Viral dynamics: from genes to populations

Bacteriophage are the most abundant organisms on the planet. They modify population dynamics of hosts, alter biogeochemical cycles, catalyze microbial diversity, and influence the spread of infectious disease. Originally discovered in 1919 by Felix d'Herelle and used by Luria, Delbruck and others as a means to understand the fundamental mechanisms of molecular biology, we have since entered a third age of phage.

Given the extensive molecular and metagenomic characterizations of phages, we have embarked on an effort to understand phage dynamics and evolution at multiple scales. We are interested in the gene regulation of phages, complex ecological interactions, the genomic and functional trait diversity of phages in real populations, and their applicability as antibiotic alternatives.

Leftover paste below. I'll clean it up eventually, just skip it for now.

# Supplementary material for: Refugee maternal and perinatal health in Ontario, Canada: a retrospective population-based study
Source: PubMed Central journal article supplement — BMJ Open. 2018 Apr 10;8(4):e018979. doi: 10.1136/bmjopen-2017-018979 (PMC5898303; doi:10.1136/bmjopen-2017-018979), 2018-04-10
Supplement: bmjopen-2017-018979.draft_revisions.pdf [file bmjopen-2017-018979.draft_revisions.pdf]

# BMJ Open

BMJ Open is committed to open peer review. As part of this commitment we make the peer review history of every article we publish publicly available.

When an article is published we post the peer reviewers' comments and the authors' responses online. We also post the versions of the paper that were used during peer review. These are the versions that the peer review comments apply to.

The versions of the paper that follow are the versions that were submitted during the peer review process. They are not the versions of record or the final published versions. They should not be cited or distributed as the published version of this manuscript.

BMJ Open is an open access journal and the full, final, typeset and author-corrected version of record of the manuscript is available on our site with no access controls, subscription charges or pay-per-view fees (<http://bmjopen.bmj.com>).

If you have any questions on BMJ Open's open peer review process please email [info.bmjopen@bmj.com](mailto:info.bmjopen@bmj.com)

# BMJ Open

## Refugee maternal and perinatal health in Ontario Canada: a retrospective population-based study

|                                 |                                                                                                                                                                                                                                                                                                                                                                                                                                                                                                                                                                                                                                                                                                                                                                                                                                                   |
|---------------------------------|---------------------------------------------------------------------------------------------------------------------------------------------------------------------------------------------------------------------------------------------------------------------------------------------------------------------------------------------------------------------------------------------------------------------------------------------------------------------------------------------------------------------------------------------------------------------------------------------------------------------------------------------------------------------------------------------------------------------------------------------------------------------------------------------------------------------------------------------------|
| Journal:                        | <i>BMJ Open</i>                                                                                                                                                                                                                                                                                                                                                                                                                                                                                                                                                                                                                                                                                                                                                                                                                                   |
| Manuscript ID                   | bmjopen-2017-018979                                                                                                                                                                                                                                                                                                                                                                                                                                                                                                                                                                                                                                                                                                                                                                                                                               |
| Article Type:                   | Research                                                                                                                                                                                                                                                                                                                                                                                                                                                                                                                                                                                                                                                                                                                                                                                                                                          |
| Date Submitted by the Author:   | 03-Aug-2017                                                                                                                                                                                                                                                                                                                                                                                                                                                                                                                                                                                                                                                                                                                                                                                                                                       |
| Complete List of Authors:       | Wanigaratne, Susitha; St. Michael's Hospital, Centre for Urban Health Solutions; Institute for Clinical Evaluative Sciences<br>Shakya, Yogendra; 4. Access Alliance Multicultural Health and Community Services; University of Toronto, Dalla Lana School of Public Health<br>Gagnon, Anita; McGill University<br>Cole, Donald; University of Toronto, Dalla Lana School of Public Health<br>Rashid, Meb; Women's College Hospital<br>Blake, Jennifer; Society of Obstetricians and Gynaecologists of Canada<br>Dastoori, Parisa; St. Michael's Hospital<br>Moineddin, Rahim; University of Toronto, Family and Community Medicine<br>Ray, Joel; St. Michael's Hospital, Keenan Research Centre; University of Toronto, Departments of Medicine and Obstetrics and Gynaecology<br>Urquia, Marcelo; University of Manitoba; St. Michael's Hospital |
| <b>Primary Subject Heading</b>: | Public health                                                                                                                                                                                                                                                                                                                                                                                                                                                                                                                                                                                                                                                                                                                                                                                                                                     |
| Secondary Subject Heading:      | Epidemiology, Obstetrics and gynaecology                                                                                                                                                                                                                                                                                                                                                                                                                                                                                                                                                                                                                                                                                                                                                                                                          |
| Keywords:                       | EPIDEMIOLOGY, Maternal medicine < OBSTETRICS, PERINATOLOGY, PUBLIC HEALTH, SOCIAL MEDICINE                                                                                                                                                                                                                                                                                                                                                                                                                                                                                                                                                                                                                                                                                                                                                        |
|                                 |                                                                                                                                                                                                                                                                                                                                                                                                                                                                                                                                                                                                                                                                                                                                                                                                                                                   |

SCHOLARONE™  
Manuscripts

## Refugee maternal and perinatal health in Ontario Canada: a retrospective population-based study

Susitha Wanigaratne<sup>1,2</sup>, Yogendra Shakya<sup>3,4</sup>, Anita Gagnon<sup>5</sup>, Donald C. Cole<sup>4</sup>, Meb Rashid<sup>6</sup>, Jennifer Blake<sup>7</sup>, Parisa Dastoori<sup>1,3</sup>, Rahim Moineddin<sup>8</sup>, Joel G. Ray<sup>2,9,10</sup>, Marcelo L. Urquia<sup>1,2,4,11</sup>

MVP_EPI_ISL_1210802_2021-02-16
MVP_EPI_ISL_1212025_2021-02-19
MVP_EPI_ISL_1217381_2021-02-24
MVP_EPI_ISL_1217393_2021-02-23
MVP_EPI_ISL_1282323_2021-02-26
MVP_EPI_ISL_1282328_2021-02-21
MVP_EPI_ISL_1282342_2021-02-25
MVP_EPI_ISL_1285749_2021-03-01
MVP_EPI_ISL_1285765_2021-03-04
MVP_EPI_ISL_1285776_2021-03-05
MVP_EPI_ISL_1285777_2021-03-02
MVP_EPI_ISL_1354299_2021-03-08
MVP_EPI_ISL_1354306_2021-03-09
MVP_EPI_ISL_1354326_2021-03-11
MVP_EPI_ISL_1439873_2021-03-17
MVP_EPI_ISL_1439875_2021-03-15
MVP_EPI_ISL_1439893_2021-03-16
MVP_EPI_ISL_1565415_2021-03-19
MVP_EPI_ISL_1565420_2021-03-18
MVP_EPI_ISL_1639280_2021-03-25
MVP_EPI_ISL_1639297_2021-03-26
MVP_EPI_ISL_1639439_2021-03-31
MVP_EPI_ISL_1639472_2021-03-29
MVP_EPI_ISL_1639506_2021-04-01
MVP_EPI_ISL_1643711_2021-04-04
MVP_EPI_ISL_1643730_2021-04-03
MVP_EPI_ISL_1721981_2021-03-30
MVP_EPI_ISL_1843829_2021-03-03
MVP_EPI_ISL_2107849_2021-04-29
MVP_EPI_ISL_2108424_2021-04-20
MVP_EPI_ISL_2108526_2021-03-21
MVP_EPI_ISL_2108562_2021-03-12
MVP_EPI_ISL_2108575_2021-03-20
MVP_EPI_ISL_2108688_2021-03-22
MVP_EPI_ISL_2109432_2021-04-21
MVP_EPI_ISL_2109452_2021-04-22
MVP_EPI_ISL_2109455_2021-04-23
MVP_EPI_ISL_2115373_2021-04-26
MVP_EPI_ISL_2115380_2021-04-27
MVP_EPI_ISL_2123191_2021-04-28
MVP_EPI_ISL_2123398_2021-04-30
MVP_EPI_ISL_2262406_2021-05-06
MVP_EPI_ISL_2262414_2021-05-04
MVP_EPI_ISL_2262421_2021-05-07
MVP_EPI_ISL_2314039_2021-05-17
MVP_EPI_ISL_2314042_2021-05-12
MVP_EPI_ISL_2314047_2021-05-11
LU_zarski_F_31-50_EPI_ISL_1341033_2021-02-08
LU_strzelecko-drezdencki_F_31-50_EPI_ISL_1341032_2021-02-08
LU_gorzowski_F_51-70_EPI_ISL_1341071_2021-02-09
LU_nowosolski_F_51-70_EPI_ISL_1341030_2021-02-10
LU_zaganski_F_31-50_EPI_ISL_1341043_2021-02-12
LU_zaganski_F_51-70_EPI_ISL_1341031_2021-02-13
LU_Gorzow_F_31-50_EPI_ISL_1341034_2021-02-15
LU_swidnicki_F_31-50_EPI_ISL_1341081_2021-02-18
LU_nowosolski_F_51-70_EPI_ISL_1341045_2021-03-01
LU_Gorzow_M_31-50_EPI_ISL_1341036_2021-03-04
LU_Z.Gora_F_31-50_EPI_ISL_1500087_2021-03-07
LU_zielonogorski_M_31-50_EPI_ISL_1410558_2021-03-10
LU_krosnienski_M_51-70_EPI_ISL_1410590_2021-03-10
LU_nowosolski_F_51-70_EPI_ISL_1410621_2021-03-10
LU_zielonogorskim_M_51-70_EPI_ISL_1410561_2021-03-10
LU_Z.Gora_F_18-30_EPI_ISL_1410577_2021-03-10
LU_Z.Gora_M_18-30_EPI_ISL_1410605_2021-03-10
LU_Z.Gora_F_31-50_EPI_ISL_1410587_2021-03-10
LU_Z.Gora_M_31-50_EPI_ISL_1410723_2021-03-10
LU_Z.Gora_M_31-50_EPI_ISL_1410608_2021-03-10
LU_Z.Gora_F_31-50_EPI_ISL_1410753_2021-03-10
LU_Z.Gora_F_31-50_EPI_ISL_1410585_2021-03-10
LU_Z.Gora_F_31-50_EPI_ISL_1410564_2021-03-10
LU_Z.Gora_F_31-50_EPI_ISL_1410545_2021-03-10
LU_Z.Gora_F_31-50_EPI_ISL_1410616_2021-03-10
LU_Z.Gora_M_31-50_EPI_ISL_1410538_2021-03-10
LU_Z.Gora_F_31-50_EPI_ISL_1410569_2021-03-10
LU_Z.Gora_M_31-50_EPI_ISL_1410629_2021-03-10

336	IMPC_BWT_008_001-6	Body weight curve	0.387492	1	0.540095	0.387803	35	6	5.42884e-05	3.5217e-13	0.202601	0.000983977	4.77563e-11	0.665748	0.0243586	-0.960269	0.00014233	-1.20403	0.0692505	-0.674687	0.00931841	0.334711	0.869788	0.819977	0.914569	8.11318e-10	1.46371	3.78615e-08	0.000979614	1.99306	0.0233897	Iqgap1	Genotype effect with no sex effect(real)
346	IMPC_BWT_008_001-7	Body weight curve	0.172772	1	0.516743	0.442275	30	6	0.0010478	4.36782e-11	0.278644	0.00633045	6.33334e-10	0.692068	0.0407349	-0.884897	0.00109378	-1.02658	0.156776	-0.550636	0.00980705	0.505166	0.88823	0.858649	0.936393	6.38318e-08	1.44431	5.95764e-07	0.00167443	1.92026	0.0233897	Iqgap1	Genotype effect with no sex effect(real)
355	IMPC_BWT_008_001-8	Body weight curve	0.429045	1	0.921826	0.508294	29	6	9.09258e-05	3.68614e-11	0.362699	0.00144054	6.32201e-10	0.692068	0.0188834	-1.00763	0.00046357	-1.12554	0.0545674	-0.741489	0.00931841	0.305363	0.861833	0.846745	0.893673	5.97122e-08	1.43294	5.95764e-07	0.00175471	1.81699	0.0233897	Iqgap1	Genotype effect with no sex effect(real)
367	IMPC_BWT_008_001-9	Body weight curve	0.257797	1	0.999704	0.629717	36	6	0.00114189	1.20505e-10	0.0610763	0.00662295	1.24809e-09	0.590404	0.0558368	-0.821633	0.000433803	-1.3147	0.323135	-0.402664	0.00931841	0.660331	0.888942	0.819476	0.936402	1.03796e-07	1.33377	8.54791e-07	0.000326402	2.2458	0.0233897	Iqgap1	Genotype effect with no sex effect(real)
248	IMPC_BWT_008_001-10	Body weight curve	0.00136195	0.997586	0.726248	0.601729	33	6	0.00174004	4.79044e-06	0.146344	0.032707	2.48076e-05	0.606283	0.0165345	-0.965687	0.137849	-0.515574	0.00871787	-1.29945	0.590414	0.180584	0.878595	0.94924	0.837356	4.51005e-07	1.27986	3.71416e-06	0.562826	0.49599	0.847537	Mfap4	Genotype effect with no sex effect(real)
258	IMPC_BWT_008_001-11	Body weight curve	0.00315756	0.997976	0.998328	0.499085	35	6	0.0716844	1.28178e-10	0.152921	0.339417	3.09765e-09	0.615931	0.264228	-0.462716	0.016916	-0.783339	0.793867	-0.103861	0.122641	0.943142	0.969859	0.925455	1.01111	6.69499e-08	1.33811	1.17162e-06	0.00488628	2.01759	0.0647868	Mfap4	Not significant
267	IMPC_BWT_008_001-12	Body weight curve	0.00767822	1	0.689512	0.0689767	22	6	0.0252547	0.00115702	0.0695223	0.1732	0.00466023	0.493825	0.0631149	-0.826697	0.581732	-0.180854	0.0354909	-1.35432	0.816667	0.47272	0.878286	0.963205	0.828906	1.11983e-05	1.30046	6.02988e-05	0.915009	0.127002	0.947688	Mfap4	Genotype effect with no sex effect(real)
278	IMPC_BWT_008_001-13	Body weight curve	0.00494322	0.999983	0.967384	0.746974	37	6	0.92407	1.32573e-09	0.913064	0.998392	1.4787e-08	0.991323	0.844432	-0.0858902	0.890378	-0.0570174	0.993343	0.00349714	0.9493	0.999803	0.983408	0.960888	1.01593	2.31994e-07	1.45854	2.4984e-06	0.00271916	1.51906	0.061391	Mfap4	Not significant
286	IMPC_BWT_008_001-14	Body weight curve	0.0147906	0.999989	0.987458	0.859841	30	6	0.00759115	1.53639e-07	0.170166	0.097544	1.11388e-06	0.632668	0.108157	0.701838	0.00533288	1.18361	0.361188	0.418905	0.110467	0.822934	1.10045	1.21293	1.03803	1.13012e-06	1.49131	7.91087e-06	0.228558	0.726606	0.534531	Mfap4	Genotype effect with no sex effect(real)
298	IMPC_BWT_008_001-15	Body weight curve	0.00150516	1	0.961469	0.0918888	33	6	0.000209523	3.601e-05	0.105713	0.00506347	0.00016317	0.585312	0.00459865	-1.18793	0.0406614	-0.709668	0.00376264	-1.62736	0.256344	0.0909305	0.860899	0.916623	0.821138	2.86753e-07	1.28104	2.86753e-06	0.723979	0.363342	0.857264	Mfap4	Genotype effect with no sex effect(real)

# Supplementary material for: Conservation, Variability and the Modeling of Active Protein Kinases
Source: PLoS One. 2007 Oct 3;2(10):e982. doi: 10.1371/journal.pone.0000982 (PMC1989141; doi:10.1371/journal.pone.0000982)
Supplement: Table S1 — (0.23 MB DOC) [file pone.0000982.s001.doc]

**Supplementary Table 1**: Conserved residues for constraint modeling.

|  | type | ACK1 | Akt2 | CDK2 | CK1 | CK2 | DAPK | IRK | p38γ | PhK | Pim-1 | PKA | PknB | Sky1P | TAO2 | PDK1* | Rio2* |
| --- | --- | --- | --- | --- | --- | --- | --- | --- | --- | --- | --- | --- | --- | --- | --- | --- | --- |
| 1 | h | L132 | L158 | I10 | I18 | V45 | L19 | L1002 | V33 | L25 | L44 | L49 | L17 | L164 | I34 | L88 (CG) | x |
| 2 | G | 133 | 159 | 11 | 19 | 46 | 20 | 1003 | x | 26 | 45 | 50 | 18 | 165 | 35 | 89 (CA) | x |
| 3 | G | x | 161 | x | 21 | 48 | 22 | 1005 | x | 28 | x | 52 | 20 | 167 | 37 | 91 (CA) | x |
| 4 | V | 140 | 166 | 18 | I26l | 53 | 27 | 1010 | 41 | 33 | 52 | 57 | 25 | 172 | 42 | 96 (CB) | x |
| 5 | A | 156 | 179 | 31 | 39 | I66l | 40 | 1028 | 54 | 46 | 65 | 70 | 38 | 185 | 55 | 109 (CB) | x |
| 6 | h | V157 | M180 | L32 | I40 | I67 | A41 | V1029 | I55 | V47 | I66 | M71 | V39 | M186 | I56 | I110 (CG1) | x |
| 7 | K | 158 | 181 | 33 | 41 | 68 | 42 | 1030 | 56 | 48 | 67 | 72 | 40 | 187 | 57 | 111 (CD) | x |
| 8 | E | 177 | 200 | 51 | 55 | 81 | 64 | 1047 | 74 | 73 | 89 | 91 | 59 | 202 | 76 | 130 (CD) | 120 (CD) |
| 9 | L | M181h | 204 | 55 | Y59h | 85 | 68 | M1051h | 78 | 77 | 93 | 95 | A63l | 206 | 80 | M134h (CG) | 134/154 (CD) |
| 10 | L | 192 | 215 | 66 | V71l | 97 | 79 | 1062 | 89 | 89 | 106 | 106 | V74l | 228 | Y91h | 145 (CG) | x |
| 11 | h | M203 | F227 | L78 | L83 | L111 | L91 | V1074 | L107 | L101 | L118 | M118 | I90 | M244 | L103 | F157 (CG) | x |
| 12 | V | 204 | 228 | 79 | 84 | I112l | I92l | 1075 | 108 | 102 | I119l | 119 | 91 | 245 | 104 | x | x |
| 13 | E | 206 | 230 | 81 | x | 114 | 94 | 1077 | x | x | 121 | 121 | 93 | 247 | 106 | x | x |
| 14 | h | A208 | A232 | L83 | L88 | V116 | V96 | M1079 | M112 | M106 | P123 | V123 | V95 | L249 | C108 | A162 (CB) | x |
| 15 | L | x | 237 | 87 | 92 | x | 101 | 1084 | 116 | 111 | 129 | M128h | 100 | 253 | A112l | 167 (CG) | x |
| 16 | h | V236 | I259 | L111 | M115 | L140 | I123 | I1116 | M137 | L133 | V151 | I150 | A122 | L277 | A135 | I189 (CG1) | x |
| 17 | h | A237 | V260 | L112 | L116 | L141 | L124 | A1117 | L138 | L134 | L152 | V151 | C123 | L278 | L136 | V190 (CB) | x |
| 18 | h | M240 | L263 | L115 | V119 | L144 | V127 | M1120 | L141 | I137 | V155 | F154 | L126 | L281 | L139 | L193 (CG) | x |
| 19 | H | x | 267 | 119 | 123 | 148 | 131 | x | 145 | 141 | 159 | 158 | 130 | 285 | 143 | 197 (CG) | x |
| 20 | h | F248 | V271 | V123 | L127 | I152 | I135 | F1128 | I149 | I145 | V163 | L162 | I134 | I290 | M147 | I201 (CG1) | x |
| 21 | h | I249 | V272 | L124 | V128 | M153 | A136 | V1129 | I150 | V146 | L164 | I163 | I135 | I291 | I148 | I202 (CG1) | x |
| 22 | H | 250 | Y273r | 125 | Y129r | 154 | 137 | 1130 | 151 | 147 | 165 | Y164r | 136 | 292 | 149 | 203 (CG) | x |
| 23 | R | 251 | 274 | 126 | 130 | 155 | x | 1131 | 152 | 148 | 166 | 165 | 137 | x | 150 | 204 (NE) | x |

We use a combination of analytical, computational, and experimental techniques to study the "evolutionary ecology of bacterial viruses."

Some of the projects we currently work on are:

  • Quorum sensing in viruses
  • Multi-scale viral dynamics: from regulation to evolution
  • Quantifying the hydrolytic activity of phage lytic enzymes